Some things are timeless: We want our stories to be shared, our opinions to be heard, our insights and ideas to be considered, our art to be appreciated. Ever since people began to gather around a fire or village common, those of us who had something to share would use this aggregate of potential listeners to find those who would hear, consider and appreciate what we shared. There were those who had no interest in what was being shared, just like there may have even been some who were against us sharing it. But there were always those who listened to the message, understood it and related to it. The one who shared found an audience, and the audience responded. That was how an idea, a story or a message could find its way from person to person, from village to village, from country to country, continent to continent. As the message was shared, it’s audience grew.
Throughout history, this was usually a pretty slow process; often a person’s story never reached beyond the limits of the village. Both the distance someone could travel and the medium in which he could express his message were almost always limited by privilege; only the rich or powerful could make their voices heard beyond the local village. Not only did wealth and privilege exclude the masses from making their voices heard or expressing their purpose, almost all of the commoner’s life was taken up in survival. There was simply no time or energy left to consider, let alone share our unique message with others.
Through the history of invention in the last five centuries, leading to the explosion of technology in the 20th century AD it became continually more possible for our message to reach further than a few family members and villagers. Ships, trains, automobiles and planes greatly extended our ability to expand our geography, as it allowed our audience to aggregate through increased mobility. High-speed printing, music and film production, radio and television greatly expanded the duplication and mass distribution of intellectual and artistic content. Trade and investment dramatically expanded the reach and lowered the cost of distribution. But as much as technology increased the number of people whose voices could be heard and decreased the cost of being heard, the pipeline of creation and distribution (how many books, records or films companies would produce, how many stores would stock, how many theaters would open, how much radio or television space was available) was still limited and still expensive; making our voices heard was still a privilege of the elite.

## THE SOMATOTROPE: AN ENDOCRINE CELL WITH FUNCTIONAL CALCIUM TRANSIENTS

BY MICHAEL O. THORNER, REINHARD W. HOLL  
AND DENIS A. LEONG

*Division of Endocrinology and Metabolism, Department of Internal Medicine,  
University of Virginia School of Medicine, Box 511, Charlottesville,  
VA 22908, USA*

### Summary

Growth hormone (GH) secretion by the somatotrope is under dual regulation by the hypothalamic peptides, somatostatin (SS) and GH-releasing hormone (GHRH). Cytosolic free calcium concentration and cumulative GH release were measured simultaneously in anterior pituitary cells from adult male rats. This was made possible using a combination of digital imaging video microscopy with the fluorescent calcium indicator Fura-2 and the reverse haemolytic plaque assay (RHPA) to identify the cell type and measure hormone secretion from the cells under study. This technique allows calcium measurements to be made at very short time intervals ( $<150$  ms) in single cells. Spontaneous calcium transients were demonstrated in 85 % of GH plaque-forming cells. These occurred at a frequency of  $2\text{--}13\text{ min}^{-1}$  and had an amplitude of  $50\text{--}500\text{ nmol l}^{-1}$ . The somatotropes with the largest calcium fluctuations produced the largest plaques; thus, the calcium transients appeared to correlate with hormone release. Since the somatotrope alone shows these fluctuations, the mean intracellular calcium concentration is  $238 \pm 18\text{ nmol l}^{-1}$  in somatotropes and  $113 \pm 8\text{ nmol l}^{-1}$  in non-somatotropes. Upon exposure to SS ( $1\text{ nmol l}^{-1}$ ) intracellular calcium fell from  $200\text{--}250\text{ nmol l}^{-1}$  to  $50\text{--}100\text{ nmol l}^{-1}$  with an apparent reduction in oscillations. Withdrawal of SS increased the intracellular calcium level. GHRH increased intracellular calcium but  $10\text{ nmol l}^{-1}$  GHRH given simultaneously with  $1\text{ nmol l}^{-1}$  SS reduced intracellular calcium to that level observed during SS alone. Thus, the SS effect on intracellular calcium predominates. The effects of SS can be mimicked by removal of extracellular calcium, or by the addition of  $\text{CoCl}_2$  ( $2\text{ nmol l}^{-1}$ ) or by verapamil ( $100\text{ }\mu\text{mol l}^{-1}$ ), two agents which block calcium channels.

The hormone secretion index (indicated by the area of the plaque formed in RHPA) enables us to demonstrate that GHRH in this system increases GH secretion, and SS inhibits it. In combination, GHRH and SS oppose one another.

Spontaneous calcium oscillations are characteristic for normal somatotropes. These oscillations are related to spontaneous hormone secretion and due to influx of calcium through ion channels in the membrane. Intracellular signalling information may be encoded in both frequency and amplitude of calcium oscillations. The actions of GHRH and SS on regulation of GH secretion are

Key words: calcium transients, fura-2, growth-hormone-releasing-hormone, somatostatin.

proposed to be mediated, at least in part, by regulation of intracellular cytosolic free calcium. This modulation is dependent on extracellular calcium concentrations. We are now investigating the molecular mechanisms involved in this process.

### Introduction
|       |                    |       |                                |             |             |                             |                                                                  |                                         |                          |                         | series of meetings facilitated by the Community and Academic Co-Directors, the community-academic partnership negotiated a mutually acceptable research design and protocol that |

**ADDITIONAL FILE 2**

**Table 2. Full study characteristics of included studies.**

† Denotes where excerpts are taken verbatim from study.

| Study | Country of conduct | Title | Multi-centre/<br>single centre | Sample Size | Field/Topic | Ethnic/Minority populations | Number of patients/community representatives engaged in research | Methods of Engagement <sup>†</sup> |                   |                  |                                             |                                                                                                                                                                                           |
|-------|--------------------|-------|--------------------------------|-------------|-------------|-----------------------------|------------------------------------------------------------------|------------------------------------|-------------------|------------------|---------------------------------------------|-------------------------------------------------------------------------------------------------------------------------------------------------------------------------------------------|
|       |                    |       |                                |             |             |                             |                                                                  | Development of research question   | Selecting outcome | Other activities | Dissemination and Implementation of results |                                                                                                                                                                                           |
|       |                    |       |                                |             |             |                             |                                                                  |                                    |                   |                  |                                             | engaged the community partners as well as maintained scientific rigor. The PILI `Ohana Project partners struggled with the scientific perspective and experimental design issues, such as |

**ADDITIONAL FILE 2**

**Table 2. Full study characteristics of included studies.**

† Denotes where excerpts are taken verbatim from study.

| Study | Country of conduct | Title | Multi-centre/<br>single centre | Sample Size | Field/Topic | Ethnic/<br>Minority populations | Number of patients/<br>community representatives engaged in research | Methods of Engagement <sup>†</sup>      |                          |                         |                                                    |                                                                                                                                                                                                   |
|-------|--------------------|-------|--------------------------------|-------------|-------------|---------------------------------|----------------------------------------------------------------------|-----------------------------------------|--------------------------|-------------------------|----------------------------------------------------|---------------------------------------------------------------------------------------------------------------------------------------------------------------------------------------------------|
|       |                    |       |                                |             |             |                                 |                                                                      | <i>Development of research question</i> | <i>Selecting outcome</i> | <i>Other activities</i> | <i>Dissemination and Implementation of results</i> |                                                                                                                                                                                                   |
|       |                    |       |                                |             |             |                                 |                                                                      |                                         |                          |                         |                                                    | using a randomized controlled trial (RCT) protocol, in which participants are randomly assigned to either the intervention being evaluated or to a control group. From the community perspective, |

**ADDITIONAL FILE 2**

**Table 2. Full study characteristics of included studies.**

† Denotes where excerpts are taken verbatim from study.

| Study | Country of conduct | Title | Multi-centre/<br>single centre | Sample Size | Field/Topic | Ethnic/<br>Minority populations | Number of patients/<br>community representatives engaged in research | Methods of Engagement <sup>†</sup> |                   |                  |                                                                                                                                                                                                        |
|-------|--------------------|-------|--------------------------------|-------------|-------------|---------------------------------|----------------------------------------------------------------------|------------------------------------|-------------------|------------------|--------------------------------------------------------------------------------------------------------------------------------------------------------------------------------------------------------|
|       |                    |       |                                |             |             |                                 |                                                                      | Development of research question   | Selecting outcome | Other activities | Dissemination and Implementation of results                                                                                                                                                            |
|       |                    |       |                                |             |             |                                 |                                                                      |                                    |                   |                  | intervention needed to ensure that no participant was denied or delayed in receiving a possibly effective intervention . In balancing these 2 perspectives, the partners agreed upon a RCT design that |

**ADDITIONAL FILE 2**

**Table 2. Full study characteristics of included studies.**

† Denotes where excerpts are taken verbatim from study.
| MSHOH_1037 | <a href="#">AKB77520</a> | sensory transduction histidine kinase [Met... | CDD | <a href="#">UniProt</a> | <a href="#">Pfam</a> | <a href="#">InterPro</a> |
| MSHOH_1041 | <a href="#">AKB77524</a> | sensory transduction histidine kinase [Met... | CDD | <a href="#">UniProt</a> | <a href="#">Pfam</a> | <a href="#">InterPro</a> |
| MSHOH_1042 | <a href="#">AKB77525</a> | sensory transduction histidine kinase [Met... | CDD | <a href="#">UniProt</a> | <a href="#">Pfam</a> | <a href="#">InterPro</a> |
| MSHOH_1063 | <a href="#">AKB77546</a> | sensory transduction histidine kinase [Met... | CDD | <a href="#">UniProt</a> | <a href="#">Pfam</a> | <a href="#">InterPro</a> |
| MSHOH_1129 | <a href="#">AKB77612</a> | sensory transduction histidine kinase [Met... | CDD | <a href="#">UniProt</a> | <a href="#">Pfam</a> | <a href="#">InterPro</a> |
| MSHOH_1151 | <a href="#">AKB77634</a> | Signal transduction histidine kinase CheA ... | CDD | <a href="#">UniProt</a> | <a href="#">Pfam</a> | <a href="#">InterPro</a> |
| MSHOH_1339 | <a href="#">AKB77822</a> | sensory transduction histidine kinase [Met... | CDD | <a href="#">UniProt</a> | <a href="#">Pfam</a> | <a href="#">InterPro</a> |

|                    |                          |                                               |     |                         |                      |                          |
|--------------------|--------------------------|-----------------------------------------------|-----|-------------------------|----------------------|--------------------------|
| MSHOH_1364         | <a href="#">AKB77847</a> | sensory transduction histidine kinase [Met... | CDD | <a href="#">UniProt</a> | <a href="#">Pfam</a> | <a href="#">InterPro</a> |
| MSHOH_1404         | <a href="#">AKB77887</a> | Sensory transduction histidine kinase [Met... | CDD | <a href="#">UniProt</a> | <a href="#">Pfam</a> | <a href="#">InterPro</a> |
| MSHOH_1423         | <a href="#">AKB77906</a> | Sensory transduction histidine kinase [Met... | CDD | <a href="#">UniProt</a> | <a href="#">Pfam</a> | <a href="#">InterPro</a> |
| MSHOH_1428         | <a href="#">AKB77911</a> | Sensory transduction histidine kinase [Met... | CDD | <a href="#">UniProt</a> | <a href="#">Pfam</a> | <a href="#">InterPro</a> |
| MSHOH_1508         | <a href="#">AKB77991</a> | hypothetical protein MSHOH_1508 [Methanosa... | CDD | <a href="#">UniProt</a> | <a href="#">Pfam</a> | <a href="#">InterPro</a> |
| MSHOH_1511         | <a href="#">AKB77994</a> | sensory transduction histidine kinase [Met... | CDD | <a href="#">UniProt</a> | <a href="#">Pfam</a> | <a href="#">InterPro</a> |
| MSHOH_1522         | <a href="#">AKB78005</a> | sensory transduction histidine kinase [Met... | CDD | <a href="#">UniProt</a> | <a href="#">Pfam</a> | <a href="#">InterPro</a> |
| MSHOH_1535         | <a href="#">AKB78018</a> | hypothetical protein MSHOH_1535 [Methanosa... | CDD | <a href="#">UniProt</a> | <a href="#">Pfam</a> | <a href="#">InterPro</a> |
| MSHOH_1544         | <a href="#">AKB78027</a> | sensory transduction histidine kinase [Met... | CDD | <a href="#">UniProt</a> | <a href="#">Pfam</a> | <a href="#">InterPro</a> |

Technology is timely.
And then came a technology explosion that so greatly changed the production and distribution of intellectual and artistic content that it completely disrupted the existing system of producing and distributing the written word, art, music, and performance. The technology to produce books, art, audio and video continued to exponentially increase in both performance and usability and decrease in price. With the advent and uber-evolution of affordable personal computers and increasingly sophisticated software programs creators didn’t need the assistance, permission or approval of publishing, music or film companies to produce their art; they could do it, and do it equally well, right from home, at a fraction of the cost of ‘professionally’ produced products. The destiny of their creation was in their hands. The common man, if he chose to, could afford to produce his own art on a technical level equal or superior to anything professional publishers, music studios, or film companies had produced heretofore.
The technology that allowed for (or limited) the distribution of intellectual/artistic goods also evolved dramatically. Books, music and video used to require physical form (printed books, CD’s, DVD’s) in order for consumers to access the content. Digital compression (technology that allows for greatly reduced file sizes), expanded bandwidth (high speed Internet and cellular service) and digital user interface products (smart phones, tablets, notebook computers) have allowed the distribution of ‘digital’ products – ending the necessity of printing presses, CD/DVD manufacturing facilities, distribution warehouses, freight transportation, and brick & mortar retail stores. Since there is no physical merchandise there is no need to produce, warehouse, transport or display physical goods. The simplest possible manufacturing/distribution chain has been broken down to a single link; that between the creator and the consumer. Put another way, the link between the one with a message to share and the one with whom the message is shared.
Back to the village.
So we’re back to that one-to-one link between the message we have to share and the one we share it with; what has changed in the last thirty centuries? The village has changed. We’re no longer limited by geography. Our ‘village’ is now the world, seven billion people. There will always be those who have no interest in what we’re sharing, just like there may even be some who are against us sharing it. But there are always those who will listen to our message, understand it and relate to it. We share, we find our audience, and our audience responds. That’s how our idea, our story, our message finds its way from person to person, from village to village, from country to country, continent to continent. As the message is shared, our audience grows.